Strange New Worlds

It was a dark and stormy night: the storm seen here raged in Saturn's atmosphere for months. It was big enough to swallow the entire Earth. Credit: NASA/JPL/Space Science Institute/Ugarkovic

“A book, too, can be a star, explosive material, capable of stirring up fresh life endlessly, a living fire to lighten the darkness, leading out into the expanding universe.”
—Madeleine L’Engle, in her Newbery acceptance speech, 1963

A Wrinkle in Time was published 50 years ago today website-link. The novel was the first work of science fiction I ever read, and it changed me forever. For me, it was also just the first stop in what become a long list of new places I could go in movies and books: Narnia, Middle Earth, Tatooine. Millions of us have spent time in these places–and we are the better for it. I’ve seen how these imaginary worlds and the fictional struggles of the people in them can lighten the darkness in our minds and expand the universes they contain.

There’s just one problem with these places: they’re total BS. I say that with the greatest love and respect. I just mean that they’re not real. For generations now, our whole society has been so steeped in sci-fi, that it’s almost easy to forget that in reality we’ve never found life outside the Earth (yet). No Vulcan has ever raised her hand in spread-fingered salute. No Sith has ever sliced anyone open with a swift stroke of his light saber. It’s all made up.

At the same time, I’m continually surprised how few people in the real world, even among speculative fiction fans, seem to pay much attention to (maybe they don’t really know about?) the actual voyages of discovery happening right now.

Just one example. If you’re a regular here, bear with me. If this is new to you, check this out. Here are a few recent pictures of the planet Saturn and several of its moons. These were not taken through a telescope–they were captured on location by a bus-sized, nuclear-powered, robotic spacecraft called Cassini. These pictures come from the raw data feed that Cassini sent across nearly a billion miles of space, that NASA immediately made public, and which was then processed by a skilled imagery expert named Gordan Ugarkovic.

Titan and Dione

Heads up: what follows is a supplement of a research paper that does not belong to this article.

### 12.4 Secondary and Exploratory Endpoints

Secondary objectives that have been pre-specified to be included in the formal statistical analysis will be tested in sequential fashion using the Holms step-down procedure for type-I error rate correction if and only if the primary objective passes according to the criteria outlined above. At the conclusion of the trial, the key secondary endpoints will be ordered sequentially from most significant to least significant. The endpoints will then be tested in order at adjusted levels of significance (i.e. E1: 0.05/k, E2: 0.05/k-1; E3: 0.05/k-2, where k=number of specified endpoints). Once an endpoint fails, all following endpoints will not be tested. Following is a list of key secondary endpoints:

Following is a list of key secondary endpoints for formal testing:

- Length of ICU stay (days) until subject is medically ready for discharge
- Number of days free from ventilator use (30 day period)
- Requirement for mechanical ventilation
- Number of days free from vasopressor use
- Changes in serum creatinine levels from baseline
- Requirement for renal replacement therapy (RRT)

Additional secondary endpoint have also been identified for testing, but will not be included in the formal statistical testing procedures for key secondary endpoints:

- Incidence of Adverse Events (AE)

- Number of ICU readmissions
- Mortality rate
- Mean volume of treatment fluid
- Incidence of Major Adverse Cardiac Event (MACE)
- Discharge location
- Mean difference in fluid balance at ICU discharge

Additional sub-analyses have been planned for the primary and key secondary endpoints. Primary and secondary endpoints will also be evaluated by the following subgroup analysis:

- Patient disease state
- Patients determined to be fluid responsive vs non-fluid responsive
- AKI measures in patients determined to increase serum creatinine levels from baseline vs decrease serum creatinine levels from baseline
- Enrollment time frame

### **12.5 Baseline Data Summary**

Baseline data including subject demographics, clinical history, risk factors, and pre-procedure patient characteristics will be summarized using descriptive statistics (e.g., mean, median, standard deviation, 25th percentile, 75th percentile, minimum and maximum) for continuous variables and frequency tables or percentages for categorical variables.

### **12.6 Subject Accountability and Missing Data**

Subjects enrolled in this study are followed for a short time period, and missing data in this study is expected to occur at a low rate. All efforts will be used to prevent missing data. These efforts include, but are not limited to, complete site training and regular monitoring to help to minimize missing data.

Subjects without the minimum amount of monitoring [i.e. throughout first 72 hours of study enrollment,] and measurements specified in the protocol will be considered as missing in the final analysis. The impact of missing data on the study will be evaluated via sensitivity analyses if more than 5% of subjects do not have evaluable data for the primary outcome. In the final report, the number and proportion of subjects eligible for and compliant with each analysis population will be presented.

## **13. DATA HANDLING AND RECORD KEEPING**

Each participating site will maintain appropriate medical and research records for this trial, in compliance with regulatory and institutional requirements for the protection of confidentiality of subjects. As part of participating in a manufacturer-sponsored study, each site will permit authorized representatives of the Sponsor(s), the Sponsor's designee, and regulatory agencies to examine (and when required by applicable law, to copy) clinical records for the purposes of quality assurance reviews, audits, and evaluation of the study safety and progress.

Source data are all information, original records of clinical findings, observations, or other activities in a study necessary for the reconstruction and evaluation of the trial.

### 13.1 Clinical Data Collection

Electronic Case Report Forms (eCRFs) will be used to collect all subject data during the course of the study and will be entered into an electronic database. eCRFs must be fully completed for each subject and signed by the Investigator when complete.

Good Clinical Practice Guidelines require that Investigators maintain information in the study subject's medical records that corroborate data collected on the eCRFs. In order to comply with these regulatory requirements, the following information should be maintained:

Saturn's moon Dione crosses in front of Titan, a planet-sized moon wrapped in thick clouds that sometimes rain liquid methane. Credit: NASA/JPL/Space Science Institute/Ugarkovic
Rhea, Dione, Rings
The moons Rhea and Dione, along with Saturn's rings seen nearly edge-on. Credit: NASA/JPL/Space Science Institute/Ugarkovic
Rhea and Epimetheus
Rhea and Epimetheus float above Saturn's cloud tops, where the translucent rings are casting banded shadows. Credit: NASA/JPL/Space Science Institute/Ugarkovic

Here are strange new worlds, bizarre and beautiful—and as real as the view out your own window right now. In fact, as you read this Cassini is still at Saturn, still exploring. Here’s another shot of Titan that was taken just a few days ago.

This view of Titan was taken at a wavelength that allows you to see right through the clouds. Credit: NASA/JPL/Space Science Institute

And Cassini is just one of more than a dozen such missions now underway. I had the chance to watch in person from close range while one of them launched into space. Even though the future of the astronaut program is hazy, we’re living in a golden age of space exploration. It’s just that it’s the robots who are going where no one has gone before.

Doing this not only brings these amazing new worlds to light while expanding and exciting our minds. It not only opens the possibility of finding fresh life. It helps us better understand our own planet, while pushing the limits of technology that creates jobs and improves our daily lives in many ways. It helps raise up the next generation of engineers and scientists who will keep us competitive. All in a way that costs much less than human missions (and remember that the entire NASA budget, human and robotic together, takes up less than one percent of the U.S. federal budget).

But now, even this small part of our exploration seems to be threatened. All to save less money than it cost to conduct the recent U.S. wars in the Middle East for 15 hours.

I believe the legions of us who have spent hundreds of millions of dollars over the years to watch models of spaceships shoot made-up monsters should be among the strongest supporters of the very real men and women who are flying missions to very strange, but very real, expanding frontiers. If sci-fi geeks can save TV series from obscurity, can they help save the future of exploration?

One place to start: the Planetary Society.


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This is very true! Can you believe that Americans were expected to spend $17.6 billion on Valentine’s Day this year, while NASA’s budget request is $17.7 billion?!–For one single holiday the American people spent almost enough to fund NASA’s requests. Where are our priorities? (And besides, I didn’t even get any Valentine’s Day presents… I’ll just hope that money went into support of the space program, lol.)

…okay, rant is over. I’ll come down from my soapbox now :)

amazing images – hard to believe they’re not composites.. oh to be out there – just slowing watching the magnificent scales of those spheres in their eternal motion.

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